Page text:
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The Wings of Spring: Avian Imagery at NMWA

Blog Category:  From the Collection
Rendered in loose, impressionistic brushstrokes in muted pastel tones, the still life painting depicts a brass birdcage with two small birds cuddled next to each other on a perch. The cage sits adjacent to and partially obscures a bowl of lush red, yellow, and white flowers.

A chorus of birds hails the first day of spring, prompting a look at avian imagery in NMWA’s collection.

Using loose brushstrokes, a woman seated at a table in front of a window with her back to the viewer. The table is set with a teapot, creamer and plates with pasties. Outside the window is a winter scene with five birds perched upon the snow-covered branches of a barren tree.
Gabriele Münter, Breakfast of the Birds, 1934; Oil on board, 18 x 21 3/4 in.; National Museum of Women in the Arts, Gift of Wallace and Wilhelmina Holladay; © 2012 Artists Rights Society (ARS)/VG Bild-Kunst, Bonn

As a popular motif throughout art history, birds can signify freedom or transition. But keep in mind—these works are no mere flights of fancy.
German expressionist painter Gabriele Münter’s Breakfast of the Birds may indicate this seasonal change. Seated at a breakfast table, a solitary woman gazes through a window at a brood of birds perched on snow-covered branches. Perhaps the snow is melting and migratory birds have just returned. Sometimes interpreted as reflective and peaceful, the figure in this work, with her back to the viewer, has alternatively been seen as isolated and lonely. Scholars have conjectured that the depicted woman may be Münter herself. Münter’s style of heavy lines, simplified forms, and compressed space adds to a feeling of coziness—or entrapment.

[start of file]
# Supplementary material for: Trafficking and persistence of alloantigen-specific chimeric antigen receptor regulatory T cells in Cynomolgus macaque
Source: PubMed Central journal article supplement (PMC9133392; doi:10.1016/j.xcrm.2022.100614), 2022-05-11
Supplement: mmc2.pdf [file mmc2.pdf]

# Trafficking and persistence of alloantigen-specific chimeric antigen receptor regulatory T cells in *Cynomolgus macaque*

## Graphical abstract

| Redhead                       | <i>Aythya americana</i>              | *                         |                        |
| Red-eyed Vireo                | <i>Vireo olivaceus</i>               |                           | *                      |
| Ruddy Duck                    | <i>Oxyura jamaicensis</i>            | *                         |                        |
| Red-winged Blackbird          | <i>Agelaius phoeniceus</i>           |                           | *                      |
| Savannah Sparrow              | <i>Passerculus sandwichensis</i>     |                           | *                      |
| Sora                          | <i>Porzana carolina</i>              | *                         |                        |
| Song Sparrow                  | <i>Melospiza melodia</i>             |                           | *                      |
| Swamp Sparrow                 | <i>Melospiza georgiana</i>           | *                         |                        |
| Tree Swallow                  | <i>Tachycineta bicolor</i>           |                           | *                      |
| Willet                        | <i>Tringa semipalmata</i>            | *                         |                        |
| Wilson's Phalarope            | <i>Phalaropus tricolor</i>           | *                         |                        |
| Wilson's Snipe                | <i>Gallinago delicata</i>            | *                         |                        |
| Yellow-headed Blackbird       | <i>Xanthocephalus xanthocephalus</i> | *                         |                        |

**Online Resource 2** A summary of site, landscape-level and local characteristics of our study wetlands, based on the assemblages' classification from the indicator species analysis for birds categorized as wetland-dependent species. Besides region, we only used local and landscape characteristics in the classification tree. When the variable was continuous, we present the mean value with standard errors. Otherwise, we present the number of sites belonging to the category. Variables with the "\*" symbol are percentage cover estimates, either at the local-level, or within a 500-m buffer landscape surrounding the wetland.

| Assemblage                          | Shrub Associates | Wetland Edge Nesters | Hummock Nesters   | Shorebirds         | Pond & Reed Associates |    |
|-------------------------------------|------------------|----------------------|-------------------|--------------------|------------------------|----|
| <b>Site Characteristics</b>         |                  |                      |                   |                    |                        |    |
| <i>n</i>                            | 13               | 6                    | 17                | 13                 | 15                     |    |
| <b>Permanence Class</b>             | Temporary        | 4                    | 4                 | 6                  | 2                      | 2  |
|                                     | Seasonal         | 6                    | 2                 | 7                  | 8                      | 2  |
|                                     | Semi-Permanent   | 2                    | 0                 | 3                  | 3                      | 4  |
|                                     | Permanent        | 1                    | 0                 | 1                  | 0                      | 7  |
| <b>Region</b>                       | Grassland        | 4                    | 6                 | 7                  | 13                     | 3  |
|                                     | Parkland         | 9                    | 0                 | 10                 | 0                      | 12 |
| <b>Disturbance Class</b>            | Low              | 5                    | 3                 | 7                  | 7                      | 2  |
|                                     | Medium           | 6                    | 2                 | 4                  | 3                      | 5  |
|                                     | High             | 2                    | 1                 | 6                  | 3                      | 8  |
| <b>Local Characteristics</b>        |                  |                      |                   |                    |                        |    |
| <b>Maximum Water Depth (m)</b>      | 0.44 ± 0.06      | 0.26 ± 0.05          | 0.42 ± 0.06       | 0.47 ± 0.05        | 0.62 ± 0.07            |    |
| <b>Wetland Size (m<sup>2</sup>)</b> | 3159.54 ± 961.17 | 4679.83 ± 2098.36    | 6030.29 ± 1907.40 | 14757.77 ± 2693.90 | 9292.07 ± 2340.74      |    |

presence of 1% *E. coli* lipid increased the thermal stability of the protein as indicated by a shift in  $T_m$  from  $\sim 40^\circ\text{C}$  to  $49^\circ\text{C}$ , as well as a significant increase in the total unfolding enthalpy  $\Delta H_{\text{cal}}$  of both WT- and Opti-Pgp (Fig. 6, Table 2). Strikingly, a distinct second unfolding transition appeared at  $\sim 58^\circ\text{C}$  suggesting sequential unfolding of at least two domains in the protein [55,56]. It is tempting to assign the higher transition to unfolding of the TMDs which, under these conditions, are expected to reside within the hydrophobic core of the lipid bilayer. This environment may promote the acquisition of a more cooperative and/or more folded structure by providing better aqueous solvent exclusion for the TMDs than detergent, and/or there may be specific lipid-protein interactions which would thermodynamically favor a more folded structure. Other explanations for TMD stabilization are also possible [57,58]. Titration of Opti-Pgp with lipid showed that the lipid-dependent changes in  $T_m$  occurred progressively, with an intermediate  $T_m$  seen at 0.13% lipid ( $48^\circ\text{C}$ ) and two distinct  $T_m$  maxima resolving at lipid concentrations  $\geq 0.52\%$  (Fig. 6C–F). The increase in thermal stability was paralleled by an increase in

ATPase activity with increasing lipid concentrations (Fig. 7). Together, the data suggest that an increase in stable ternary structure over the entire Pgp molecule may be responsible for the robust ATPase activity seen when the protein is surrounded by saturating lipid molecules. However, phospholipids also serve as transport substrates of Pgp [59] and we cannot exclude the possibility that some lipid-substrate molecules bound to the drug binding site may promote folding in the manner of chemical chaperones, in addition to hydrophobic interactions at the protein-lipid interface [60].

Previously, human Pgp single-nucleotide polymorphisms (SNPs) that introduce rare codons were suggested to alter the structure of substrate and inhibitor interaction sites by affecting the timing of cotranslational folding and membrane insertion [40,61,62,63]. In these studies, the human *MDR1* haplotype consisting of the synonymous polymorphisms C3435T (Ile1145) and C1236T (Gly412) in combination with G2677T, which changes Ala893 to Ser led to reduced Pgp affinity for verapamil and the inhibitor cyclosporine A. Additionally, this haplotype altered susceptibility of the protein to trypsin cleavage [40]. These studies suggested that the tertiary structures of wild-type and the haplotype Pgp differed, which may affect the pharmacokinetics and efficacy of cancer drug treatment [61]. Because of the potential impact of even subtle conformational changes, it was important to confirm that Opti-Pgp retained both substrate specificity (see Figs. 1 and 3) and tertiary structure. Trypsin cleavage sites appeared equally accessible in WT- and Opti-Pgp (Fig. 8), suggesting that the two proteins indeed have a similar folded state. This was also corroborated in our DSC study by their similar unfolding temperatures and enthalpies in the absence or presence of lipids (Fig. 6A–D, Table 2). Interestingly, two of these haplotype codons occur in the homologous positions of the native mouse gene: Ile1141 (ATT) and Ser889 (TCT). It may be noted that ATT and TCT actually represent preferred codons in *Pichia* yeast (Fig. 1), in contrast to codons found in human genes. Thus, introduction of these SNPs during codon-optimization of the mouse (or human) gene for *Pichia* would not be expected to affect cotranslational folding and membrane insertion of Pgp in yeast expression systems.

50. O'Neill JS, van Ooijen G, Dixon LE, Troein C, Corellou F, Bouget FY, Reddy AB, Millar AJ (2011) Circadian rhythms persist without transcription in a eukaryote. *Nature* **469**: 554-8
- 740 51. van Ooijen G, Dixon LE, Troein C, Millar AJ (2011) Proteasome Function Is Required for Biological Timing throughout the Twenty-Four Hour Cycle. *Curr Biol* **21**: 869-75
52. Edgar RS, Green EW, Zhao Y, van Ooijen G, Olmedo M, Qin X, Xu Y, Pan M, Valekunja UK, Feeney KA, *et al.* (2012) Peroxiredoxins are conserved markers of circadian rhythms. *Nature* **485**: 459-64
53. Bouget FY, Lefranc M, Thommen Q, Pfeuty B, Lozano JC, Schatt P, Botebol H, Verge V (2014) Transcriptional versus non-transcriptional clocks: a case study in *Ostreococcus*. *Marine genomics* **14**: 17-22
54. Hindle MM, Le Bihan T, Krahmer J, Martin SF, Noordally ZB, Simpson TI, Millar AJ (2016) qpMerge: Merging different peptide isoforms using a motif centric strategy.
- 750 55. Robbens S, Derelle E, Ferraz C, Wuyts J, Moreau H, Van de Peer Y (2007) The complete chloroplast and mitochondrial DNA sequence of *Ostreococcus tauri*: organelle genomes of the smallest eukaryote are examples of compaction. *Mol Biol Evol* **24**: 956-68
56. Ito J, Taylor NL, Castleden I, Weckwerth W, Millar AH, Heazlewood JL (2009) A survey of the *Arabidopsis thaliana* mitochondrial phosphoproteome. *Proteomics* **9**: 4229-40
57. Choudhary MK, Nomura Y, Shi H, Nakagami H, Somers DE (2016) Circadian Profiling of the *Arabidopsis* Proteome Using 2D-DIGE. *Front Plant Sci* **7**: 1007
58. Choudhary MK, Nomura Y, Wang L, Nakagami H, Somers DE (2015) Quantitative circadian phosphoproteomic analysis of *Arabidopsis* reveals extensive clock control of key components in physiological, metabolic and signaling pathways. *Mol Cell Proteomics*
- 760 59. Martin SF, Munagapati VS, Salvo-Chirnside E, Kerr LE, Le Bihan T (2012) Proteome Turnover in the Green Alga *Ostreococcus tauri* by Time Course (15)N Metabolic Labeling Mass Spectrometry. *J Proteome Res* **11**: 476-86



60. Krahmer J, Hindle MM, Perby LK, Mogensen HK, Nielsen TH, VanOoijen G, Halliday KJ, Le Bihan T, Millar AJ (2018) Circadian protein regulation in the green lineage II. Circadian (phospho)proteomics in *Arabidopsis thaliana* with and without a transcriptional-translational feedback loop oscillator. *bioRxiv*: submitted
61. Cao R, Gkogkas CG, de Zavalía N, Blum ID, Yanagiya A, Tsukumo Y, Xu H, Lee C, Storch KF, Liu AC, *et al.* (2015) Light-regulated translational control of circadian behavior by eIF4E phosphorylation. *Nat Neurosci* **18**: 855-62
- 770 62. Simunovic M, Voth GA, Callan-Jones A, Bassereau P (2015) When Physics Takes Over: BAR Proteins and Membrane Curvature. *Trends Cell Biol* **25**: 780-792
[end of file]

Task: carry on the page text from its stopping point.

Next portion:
Rendered in loose, impressionistic brushstrokes in muted pastel tones, the still life painting depicts a brass birdcage with two small birds cuddled next to each other on a perch. The cage sits adjacent to and partially obscures a bowl of lush red, yellow, and white flowers.
Berthe Morisot, The Cage, 1885; Oil on canvas, 19 7/8 x 15 in.; National Museum of Women in the Arts, Gift of Wallace and Wilhelmina Holladay; Photo by Lee Stalsworth

Where Münter’s work depicts birds outdoors, Impressionist painter Berthe Morisot’s The Cage includes two enclosed birds. This still-life displays a bronze birdcage and a bowl of flowers set against an otherwise ambiguous background. With a spring-colored palette of soft browns, whites, and greens, Morisot’s oil-on-canvas work takes on a watercolor quality.
Morisot’s paint application is sketchy and unrestrained, due in part to her experimental use of an unprimed canvas. The two nestled birds are nearly lost amid the choppy dabs of color.
Contemporary Brazilian sculptor Frida Baranek’s dense iron construction, Untitled, 1991, resembles a wiry nest. As one of her large-scale abstract metal sculptures, her work explores the tension between organic forms and inorganic materials. Built from rusted industrial wire and weighing 90 pounds, Baranek’s sculpture appears surprisingly light and airy. Long wires protruding horizontally from the sculpture seem to lift the work—like its very own set of wings.

Large, abstract sculpture, fabricated of rusted iron wires, conveys an organic form. At center is a mass of thin, tangled wires shaped into a thick disc, sitting on edge. From either side of the center disc a mass of slightly bent, thicker wires juts straight out.
Frida Baranek, Untitled, 1991; Iron, 44 x 75 x 46 in.; National Museum of Women in the Arts, Museum purchase: The Lois Pollard Price Acquisition Fund; © Frida Baranek / Galeria Raquel Arnaud, © Frida Baranek

What other works in NMWA’s collection conjure images of spring for you?

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